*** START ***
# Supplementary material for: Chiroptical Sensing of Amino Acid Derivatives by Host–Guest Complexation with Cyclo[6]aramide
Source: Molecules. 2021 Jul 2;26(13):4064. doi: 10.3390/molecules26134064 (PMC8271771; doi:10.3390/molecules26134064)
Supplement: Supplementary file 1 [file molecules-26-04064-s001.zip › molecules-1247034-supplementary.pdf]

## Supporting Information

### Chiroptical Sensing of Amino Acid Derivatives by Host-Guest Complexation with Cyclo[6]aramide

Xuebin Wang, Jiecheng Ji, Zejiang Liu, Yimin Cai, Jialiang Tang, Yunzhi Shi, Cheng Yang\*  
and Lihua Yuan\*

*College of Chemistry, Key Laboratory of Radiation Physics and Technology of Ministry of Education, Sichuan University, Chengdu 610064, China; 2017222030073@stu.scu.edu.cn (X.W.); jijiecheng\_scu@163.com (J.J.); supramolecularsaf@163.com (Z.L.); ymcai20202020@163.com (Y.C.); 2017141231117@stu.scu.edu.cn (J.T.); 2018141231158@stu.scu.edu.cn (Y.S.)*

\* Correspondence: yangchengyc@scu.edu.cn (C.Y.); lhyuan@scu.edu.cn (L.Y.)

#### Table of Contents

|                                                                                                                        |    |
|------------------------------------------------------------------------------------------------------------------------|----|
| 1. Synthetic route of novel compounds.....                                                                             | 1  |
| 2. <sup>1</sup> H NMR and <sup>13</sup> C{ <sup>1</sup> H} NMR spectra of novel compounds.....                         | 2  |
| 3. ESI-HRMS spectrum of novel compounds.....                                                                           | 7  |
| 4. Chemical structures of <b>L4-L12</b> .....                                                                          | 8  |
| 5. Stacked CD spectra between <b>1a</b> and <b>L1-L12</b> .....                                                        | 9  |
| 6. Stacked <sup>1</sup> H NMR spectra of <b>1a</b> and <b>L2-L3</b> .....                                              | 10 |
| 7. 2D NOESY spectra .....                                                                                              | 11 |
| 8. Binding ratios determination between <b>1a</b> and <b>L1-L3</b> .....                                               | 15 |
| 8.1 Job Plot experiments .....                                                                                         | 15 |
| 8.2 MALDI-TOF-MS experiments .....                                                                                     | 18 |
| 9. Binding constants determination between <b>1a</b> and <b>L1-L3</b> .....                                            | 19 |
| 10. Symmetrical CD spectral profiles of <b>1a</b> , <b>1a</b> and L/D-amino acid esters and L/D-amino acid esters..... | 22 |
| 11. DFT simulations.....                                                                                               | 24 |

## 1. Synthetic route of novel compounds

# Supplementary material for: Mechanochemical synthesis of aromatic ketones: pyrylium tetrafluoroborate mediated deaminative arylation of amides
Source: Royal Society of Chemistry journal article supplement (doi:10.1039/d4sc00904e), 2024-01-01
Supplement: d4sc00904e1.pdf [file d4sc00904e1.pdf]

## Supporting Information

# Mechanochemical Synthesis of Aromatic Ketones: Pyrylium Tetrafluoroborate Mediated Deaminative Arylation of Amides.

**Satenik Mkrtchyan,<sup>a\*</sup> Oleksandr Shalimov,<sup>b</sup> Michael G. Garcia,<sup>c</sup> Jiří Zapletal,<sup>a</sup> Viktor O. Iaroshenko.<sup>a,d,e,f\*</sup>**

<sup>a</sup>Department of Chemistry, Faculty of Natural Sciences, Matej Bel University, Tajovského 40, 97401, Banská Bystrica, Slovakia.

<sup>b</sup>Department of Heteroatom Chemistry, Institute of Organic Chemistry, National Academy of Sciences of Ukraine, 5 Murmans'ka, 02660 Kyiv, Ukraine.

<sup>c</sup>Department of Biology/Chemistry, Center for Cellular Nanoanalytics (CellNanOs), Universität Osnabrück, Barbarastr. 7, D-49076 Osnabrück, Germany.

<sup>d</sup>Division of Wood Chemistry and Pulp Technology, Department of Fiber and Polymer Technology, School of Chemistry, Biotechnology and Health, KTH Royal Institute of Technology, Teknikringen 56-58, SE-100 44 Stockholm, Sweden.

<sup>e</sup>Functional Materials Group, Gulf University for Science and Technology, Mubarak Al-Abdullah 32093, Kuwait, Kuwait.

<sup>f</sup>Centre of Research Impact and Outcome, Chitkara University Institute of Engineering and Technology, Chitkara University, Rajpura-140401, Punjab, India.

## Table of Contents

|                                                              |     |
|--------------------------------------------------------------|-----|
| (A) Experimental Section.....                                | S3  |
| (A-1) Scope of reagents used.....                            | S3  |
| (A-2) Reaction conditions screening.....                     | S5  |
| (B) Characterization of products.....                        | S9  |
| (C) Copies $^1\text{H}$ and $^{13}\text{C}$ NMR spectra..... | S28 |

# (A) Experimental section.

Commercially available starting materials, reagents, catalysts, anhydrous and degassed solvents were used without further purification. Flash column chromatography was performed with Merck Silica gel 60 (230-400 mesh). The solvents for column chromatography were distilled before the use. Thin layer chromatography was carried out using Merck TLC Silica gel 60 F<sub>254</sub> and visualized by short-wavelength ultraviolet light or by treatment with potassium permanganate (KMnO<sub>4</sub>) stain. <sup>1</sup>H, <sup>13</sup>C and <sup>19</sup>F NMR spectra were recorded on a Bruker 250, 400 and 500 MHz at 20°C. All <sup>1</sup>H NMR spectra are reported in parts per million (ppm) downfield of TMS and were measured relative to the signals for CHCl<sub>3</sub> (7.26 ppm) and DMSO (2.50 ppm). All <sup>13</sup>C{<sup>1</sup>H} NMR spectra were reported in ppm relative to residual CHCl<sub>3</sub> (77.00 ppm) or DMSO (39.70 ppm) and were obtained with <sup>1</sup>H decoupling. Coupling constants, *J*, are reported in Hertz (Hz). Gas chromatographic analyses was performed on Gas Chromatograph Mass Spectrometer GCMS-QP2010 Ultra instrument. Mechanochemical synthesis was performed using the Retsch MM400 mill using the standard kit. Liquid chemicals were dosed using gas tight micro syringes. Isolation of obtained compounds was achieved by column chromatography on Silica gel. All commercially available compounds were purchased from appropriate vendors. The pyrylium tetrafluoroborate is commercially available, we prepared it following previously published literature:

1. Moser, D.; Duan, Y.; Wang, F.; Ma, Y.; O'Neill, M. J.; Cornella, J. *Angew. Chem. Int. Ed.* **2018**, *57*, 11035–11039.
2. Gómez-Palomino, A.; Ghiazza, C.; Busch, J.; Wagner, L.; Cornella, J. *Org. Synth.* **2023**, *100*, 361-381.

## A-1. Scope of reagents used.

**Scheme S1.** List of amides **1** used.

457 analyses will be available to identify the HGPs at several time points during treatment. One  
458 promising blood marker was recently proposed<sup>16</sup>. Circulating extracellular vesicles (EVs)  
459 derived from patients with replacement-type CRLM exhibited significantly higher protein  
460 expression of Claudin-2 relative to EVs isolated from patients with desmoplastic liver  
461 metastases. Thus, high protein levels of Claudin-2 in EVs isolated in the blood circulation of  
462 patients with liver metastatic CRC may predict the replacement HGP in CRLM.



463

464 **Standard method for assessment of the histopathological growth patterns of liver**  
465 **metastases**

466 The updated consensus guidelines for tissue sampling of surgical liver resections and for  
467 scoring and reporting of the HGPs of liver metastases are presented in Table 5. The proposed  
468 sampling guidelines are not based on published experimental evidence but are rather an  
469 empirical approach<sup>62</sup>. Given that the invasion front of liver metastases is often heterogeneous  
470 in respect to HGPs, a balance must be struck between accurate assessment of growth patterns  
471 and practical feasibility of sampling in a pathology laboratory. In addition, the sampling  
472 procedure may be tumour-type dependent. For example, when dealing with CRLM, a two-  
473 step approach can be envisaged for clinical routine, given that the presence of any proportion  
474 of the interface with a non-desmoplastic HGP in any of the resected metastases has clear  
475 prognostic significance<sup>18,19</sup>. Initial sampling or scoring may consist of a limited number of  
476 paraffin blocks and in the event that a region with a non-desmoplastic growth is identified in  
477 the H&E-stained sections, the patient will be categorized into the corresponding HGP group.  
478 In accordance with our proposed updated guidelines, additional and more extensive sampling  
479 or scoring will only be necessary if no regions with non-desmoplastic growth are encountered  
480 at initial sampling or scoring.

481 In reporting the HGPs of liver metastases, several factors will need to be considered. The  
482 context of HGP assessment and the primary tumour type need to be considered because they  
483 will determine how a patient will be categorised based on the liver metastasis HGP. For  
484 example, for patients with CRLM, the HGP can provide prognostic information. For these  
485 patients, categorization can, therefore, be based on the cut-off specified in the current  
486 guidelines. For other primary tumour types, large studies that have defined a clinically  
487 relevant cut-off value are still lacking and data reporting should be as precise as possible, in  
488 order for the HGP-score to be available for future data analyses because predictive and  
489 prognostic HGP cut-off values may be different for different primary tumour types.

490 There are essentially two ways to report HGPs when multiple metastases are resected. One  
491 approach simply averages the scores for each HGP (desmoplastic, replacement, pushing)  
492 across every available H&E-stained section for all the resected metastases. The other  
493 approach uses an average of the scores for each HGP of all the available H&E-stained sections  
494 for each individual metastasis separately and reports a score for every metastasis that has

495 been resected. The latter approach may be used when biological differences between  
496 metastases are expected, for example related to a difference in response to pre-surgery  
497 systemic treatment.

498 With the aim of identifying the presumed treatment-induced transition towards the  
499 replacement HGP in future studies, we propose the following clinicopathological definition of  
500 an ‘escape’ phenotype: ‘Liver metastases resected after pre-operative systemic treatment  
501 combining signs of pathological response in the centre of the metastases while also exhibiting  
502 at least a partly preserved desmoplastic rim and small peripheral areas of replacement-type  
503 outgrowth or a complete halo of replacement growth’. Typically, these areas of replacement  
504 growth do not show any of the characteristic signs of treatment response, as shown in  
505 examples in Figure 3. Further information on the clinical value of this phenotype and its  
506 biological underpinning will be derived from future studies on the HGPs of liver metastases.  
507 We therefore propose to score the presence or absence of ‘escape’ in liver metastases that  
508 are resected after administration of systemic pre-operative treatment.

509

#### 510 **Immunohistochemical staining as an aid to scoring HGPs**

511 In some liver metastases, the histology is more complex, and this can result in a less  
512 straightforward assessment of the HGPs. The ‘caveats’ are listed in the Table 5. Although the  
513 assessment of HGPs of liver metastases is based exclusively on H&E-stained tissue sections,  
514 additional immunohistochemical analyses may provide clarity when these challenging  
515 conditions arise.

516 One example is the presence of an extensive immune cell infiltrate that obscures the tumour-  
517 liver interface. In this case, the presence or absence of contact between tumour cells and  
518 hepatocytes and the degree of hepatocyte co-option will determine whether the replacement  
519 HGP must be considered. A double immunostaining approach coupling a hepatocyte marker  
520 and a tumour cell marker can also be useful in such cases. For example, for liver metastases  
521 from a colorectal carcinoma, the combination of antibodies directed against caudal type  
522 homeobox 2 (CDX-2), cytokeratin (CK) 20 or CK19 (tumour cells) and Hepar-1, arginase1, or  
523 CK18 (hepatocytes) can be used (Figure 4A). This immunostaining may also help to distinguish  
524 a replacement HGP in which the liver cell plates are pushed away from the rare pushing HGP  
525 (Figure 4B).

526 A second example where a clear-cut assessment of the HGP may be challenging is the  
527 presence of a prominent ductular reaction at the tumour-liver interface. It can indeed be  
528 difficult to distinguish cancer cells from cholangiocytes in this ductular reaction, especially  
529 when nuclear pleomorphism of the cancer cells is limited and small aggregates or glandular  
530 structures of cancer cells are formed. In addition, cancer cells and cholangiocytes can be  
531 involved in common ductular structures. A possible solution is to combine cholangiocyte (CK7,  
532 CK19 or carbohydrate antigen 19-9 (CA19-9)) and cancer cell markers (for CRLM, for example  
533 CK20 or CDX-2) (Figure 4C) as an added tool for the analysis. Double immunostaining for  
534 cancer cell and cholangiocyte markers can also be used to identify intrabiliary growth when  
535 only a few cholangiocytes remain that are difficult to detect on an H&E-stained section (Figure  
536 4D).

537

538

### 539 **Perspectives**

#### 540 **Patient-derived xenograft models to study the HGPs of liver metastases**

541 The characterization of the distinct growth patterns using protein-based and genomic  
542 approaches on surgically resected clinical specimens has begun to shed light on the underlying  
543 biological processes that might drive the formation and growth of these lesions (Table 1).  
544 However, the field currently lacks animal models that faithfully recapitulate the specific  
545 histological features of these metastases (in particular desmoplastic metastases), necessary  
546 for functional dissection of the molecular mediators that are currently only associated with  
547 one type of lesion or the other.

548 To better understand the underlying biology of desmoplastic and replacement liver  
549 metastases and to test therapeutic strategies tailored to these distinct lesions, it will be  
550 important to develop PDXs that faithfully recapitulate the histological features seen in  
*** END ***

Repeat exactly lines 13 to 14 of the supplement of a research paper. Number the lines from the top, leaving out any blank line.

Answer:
| 1. Synthetic route of novel compounds.....                                                                             | 1  |
| 2. <sup>1</sup> H NMR and <sup>13</sup> C{ <sup>1</sup> H} NMR spectra of novel compounds.....                         | 2  |